By Show and Tell
By Bree Davies
By Bree Davies
By Cory Casciato
By Emilie Johnson
By Robin Edwards
By Bree Davis
By Josiah M. Hesse
Before I praise the not-yet-completed structure, it makes sense to briefly survey the sordid history of the whole convention-center hotel issue. First and foremost, the pronounced lack of a sufficiently large hotel was the rationale that doomed the 1950s hyperbolic paraboloid, plaza and retail block of I.M. Pei's Zeckendorf Plaza. Zeckendorf Plaza was at Court Place and the 16th Street Mall before it was lost to demolition and insensitive changes in 1996. According to Fred Kummer, an out-of-town developer, these distinguished pieces of the city's architectural heritage had to go to make room for his Adam's Mark Hotel, which would lodge conventioneers -- who, ironically, didn't show up anyway. Today only the old hotel tower at Zeckendorf Plaza survives from the original Pei complex.
The loss of Pei's creations has to be one of the greatest civic failures carried out during the Wellington Webb administration. It constantly crosses my mind how much its destruction architecturally diminished our city. It's a pity that the place no longer exists now that outstanding examples of contemporary architecture are being built within blocks of where the plaza was.
But the vandalism to Zeckendorf Plaza isn't the only casualty in the pursuit of a large hotel: Temple Buell's Denver Post Building, a 1940s art moderne confection, was also demolished to provide the site for the new Hyatt.
Despite the building's ignoble beginning -- and putting aside the fact that the city built the hotel at public expense because there were no takers to do so in the private sector -- the new Hyatt is great-looking and makes an extremely nice addition to the city's skyline. Designed by the klipp firm, the hotel was conceived as a cluster of attenuated, vertically oriented rectangles that rise 37 stories. The proportions are perfect, giving the building a sleek profile. It's virtually drenched in neo-modernist ornamental details, including the dramatic corner windows, collectively dubbed "the glass canyon," facing the CCC.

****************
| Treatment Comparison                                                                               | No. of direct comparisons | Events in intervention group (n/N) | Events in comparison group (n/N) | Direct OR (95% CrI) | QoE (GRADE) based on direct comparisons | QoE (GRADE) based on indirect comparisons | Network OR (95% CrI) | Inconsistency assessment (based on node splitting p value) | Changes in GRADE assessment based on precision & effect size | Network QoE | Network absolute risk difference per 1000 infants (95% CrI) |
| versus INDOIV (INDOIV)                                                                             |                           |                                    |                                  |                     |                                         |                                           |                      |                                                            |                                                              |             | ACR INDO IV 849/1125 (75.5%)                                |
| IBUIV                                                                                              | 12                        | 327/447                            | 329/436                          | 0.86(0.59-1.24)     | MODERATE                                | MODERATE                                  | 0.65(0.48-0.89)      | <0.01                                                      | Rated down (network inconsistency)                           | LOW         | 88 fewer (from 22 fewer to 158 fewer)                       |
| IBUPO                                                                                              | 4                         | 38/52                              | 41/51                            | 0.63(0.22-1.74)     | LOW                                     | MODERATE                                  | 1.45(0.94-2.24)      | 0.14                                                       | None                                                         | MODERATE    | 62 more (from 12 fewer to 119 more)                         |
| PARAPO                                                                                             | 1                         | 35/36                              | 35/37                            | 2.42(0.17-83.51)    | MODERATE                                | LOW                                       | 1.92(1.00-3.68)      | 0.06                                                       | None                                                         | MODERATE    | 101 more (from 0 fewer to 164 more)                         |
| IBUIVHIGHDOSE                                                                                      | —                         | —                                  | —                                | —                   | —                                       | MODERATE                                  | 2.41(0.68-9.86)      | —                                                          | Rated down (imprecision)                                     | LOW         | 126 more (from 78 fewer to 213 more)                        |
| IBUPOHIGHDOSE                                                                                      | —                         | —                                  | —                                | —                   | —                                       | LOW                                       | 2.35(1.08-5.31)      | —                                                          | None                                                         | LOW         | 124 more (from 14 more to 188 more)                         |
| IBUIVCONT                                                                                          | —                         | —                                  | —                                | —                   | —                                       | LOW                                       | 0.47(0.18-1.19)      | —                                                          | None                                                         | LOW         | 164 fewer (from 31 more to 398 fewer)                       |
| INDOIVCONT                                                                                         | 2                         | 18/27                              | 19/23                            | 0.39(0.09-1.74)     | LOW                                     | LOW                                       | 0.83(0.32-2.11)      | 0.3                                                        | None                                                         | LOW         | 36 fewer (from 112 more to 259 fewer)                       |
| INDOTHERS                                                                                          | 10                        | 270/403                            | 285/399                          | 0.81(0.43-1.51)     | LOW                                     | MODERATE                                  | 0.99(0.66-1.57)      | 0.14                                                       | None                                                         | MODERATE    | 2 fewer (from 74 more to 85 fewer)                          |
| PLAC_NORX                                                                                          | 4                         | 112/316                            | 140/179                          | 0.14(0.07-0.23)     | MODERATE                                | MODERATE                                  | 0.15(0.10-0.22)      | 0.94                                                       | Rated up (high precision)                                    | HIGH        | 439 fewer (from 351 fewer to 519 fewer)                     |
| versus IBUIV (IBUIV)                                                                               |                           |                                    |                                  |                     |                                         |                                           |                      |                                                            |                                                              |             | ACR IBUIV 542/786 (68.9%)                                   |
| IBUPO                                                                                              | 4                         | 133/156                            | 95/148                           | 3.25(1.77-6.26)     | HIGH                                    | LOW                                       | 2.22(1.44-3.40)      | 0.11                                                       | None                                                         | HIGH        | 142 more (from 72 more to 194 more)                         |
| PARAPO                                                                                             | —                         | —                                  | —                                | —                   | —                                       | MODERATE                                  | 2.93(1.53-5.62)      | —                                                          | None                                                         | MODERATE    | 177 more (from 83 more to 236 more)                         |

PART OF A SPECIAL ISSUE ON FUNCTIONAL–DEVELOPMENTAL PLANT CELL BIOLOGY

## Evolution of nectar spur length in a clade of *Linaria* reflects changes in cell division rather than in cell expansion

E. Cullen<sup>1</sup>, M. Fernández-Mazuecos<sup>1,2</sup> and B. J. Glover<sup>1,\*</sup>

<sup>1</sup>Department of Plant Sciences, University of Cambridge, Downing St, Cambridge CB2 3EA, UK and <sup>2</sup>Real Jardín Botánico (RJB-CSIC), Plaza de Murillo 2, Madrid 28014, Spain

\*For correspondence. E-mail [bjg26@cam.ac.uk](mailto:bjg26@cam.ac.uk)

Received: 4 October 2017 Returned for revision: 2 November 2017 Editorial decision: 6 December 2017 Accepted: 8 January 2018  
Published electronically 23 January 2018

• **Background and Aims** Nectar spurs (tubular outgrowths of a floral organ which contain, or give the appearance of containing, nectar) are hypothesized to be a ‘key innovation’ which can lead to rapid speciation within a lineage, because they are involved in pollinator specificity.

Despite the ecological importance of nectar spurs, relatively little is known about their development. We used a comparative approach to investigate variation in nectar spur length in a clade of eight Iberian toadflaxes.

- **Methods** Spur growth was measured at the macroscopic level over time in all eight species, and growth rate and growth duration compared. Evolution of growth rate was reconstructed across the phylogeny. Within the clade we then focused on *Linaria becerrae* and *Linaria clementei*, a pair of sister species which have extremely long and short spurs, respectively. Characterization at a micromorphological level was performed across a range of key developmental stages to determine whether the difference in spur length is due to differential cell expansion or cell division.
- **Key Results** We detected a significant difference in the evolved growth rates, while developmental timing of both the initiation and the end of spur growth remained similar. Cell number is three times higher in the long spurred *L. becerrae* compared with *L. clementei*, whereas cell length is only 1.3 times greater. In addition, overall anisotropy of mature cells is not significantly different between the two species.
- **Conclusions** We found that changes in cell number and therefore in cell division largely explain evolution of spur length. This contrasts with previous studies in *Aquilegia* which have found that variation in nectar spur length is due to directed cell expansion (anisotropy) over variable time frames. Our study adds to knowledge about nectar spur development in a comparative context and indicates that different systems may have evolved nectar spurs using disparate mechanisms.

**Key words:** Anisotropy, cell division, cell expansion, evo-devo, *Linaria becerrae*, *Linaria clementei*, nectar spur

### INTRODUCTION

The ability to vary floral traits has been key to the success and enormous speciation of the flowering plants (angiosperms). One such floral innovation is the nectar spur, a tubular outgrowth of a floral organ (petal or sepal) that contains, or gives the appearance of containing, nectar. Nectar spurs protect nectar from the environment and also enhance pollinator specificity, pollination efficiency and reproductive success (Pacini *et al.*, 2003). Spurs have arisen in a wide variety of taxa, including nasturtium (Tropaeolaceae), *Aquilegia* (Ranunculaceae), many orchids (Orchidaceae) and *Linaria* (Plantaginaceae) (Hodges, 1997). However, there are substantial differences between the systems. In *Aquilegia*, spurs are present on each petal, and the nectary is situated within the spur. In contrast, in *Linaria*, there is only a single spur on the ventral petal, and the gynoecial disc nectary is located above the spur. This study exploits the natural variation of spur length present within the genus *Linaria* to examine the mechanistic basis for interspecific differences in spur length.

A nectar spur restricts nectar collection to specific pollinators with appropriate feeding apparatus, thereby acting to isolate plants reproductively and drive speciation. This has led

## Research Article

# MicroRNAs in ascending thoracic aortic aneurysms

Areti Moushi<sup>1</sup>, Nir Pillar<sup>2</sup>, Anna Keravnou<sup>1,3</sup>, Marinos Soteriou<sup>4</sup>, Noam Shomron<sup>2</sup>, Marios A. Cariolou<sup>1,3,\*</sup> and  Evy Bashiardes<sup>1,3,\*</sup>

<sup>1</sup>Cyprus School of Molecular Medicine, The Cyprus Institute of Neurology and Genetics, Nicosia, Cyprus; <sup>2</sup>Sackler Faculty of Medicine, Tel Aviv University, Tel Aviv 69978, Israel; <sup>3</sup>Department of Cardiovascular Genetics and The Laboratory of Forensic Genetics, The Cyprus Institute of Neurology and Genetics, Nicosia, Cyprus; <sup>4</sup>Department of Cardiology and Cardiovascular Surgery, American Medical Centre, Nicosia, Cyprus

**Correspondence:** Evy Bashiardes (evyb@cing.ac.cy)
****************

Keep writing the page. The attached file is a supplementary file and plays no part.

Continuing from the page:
Laudably, and surely in part because the project was city-funded, the Hyatt will be festooned with more than $2 million worth of custom-designed art pieces. Some of these works are being paid for through the city's "One Percent for Art" program, which requires 1 percent of hard costs on all city-funded projects to be set aside for public art, while others were commissioned by the Hyatt Corporation. Though some internationally known artists were selected, most of the pieces are to be done by Colorado artists, which I think is great.
The art, of course, is not yet in place, but it will be by the time of the projected opening, complementing the recent onslaught of new public-art pieces recently unveiled downtown. The current art craze in that area started with the CCC's program and stars two of the city's best outdoor artworks: "I See What You Mean," Lawrence Argent's big blue bear, which has fast become a symbol of Denver, and Bernar Venet's "Indeterminate Line."
Over the years, I've raised some considerable doubts about the need for the convention center and its hotel, but the art programs for both have been top-drawer. I can't wait to see the many pieces at the Hyatt when it's finished and open. Plus, unlike the CCC, which merely looks good thanks to the art and not the design, the Hyatt appears to be one of the best works of architecture in the whole city.
Speaking of the best works of architecture in the city, immediately going to the head of the list is the Denver Art Museum's still-under-construction Hamilton Building, which is set to open in fall 2006. Designed by international architecture star Daniel Libeskind, the remarkable structure is taking shape at the intersection of West 13th Avenue and Acoma Plaza, south of the museum's Gio Ponti-designed masterpiece.
Many readers will have followed the story of Daniel Libeskind's work at the World Trade Center site in New York, where his concept for the Freedom Tower was neutered by market considerations. Instead of a cluster of pointed forms, the tallest of which was to be a symbolic 1,776 feet tall, the Port Authority of New York and New Jersey officials and other government types turned Libeskind's flight of fancy into a conventional high-rise with a spike on top. Because Lewis Sharp, the DAM's director, is a visionary and not a bureaucrat, he allowed Libeskind to give Denver the best building he could. As a result, we're getting a masterpiece and the Big Apple isn't.
At this point, I'm sure a lot of people are howling because they don't like the Hamilton, let alone consider it a masterpiece. The chief criticism I've heard is that the outrageous shape of the building makes it wasteful and violates the "form follows function" dictum of classic modernism. Well, love modernism as I do, it's long been eclipsed by post-modernism, which itself was checkmated by deconstructionism and neo-modernism, with the Hamilton having a little of both of those post-post-modern manners. That hardly makes Libeskind's design open to snipes from those armed only with historical ideas. Not only that, but I think you could argue that the form of this building does follow its function, because one of its functions is to call attention to itself -- and it has done that in spades.